- Renovation Projects: During renovation projects in legacy facilities, building codes may require that ventilation rates be brought into compliance with current requirements. As with replacement of HVAC equipment in a legacy building, it is likely that legacy ventilation rates will maintain good air quality after a renovation, particularly after an initial outgassing period. To meet current code requirements this would have to be verified through the ASHREA IAQ procedure. In these instances, we may also need to determine the emission rate of new materials and develop an outgassing procedure, and perform sampling to verify the success of the procedure. In rare occasions, temporary ventilation is required during the off gassing period.
- Hot Humid Climates: In areas of the country with hot humid climates, the risk of developing mold growth increases as ventilation increases. For this reason, it is useful to avoid over-ventilating. Sizing ventilation to the specific requirements of a facility, by use of the ASHRAE IAQ Procedure, assures that ventilation rates will be held to the level that is required to maintain good indoor air quality in the specific facility, without excess ventilation that can lead to future mold problems.
- Buildings in Contaminated Environments: Buildings located in major urban areas where outdoor air quality may be poor, either continuously or episodically such as during a temperature inversion, should not be over-ventilated, as this admits more pollutants into the building that must be dealt with by the building’s mechanical system. The ASHRAE IAQ procedure allows ventilation to be custom fit to the needs of the building. In this instance, it may be worthwhile to use particulate and chemical filters to reduce ventilation rates below what can be achieved with dilute ventilation (admitting outside air) alone.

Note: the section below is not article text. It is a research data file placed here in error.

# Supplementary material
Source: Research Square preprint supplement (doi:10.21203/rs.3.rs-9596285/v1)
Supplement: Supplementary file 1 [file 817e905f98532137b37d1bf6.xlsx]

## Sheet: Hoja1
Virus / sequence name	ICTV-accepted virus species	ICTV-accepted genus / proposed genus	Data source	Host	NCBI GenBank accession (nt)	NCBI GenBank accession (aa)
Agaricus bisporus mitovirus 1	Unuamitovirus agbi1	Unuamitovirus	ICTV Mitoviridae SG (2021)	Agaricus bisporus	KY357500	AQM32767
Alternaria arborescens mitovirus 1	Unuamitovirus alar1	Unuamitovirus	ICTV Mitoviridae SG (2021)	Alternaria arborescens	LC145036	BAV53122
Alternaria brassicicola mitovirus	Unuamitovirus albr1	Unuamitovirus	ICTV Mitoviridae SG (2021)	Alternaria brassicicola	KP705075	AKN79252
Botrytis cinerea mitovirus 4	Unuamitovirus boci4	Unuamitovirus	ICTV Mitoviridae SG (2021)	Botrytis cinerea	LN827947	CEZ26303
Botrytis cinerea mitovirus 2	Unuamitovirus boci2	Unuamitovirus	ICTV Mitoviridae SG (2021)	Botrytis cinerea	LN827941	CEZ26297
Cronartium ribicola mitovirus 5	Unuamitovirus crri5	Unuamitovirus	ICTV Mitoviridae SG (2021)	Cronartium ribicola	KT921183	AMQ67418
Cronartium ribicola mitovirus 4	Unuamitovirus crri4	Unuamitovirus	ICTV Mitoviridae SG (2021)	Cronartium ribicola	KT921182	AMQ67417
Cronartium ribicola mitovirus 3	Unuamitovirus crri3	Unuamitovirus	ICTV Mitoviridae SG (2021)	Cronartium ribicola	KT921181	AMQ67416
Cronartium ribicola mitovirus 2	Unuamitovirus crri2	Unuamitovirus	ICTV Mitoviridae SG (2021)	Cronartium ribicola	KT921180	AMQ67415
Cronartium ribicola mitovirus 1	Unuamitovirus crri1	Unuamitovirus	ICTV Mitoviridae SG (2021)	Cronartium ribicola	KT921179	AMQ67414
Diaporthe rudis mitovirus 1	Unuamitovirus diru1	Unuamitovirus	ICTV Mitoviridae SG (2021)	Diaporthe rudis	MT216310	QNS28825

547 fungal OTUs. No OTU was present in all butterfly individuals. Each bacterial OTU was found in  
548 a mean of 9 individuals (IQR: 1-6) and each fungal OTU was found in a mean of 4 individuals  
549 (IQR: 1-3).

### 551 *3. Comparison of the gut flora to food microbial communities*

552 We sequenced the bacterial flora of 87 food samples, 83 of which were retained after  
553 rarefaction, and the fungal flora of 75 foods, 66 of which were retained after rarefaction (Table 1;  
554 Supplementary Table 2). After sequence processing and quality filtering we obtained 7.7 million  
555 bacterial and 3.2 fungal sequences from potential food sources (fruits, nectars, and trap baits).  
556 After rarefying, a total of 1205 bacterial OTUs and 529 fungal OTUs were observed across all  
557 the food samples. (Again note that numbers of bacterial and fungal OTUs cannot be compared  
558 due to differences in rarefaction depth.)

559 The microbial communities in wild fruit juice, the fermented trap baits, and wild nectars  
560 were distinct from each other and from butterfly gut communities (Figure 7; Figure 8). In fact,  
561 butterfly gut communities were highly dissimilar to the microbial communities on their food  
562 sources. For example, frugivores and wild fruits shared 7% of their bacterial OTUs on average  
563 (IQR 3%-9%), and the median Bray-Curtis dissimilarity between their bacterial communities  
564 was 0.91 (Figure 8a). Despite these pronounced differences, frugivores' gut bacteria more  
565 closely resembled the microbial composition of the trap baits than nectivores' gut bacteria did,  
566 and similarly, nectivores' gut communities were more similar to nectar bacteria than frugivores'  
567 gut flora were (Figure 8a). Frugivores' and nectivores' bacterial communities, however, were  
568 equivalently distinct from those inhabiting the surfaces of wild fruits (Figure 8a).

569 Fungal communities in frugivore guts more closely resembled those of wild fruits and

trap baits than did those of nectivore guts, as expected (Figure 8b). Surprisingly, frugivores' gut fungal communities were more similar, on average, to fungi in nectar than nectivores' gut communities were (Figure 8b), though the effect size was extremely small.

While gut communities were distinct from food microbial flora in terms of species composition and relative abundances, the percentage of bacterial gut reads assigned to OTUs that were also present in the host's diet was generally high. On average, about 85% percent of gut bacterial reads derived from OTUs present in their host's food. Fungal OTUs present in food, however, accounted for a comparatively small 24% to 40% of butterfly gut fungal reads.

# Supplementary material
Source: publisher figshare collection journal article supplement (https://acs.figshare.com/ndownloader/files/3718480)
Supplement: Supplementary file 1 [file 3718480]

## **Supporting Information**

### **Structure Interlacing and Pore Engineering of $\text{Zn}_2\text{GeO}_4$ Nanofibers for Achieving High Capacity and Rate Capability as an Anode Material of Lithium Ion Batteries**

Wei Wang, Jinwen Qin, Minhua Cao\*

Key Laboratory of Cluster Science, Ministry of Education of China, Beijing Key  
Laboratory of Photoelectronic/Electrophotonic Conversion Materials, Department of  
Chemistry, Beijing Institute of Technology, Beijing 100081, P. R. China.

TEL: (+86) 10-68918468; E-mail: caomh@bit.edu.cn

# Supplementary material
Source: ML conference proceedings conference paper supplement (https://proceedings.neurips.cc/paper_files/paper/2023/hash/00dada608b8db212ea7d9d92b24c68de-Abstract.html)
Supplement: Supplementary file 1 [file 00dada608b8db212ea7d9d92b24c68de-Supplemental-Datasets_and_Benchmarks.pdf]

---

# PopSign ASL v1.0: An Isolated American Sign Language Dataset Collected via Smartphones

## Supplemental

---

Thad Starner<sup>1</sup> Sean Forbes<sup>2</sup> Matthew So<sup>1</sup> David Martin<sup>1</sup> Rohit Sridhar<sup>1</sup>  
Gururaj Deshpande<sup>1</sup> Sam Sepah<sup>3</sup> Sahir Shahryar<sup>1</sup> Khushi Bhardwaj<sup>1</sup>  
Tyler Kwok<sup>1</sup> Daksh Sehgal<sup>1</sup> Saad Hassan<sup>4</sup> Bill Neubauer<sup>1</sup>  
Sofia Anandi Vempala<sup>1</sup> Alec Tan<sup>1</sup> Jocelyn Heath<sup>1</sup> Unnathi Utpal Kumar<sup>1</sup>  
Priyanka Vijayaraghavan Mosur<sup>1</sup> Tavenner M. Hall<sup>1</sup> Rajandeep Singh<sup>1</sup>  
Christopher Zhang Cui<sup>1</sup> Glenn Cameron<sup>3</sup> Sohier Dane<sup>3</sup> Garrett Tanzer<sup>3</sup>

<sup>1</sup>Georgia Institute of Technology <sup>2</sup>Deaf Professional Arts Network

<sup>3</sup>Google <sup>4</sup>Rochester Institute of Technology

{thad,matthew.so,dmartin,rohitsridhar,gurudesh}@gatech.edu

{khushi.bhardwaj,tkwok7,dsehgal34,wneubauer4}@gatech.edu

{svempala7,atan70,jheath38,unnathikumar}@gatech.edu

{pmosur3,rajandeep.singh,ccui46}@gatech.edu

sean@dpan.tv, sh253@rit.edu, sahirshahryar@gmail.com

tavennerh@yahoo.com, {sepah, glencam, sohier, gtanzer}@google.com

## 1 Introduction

- Measured Ventilation Rates: We have found that, because of infiltration, the actual ventilation for a space differs from that admitted to the space by the HVAC system. Typically, actual ventilation rates for a space are higher than is determined by measuring mechanically driven air flow into and out of the space. We frequently use carbon dioxide produced by occupants as a tracer gas, and determine actual ventilation rates by analyzing the decay rate of gas concentrations when the space becomes vacant. In high rise buildings, the situation is complicated by stack effect that moves air, sometimes in large volumes, vertically through the building. These situations require specialized studies.
IAQ Operations & Maintenance Programs: We set up Operations & Maintenance (O&M) Programs to maintain good indoor air quality in existing buildings. These work like a sort of early warning system. Most indoor air quality (IAQ) issues arise from reports from building occupants, rather than being discovered by building inspections or testing. The enormous range of human response to agents in the air of a building and the real possibility of false reports make it important to have an effective way of evaluating reports. We have designed proven, effective, and simple O&M programs to maintain good indoor air quality. O&M programs allow the facility owner to respond to “concerns” before they become “problems”. Implementation of an IAQ Operations & Maintenance Program helps the facility owner avoid the potential for the disaster scenarios of evacuated buildings and traumatized employees that have afflicted other, less prepared facility owners.
Air Flow Studies: We perform air flow studies, using a variety of measuring devices. Simple smoke tubes provide an overall view of air flows and direction, anemometers provide data on air flow velocities, micromanometers measure pressure differentials that drive air flows, flow hoods measure the quantity of air being moved by mechanical equipment, and pitot tubes measure flows in ducts and orifices in the building. We utilize the skills of our industrial hygiene and engineering staff to develop a plan to study air flow within facilities. Information from these studies permits us to more accurately evaluate indoor air quality, evaluate the uniformity of ventilation and its effect on comfort and air quality, and the efficacy of exhaust ventilation.
Here are some examples of past projects that illustrate our approach.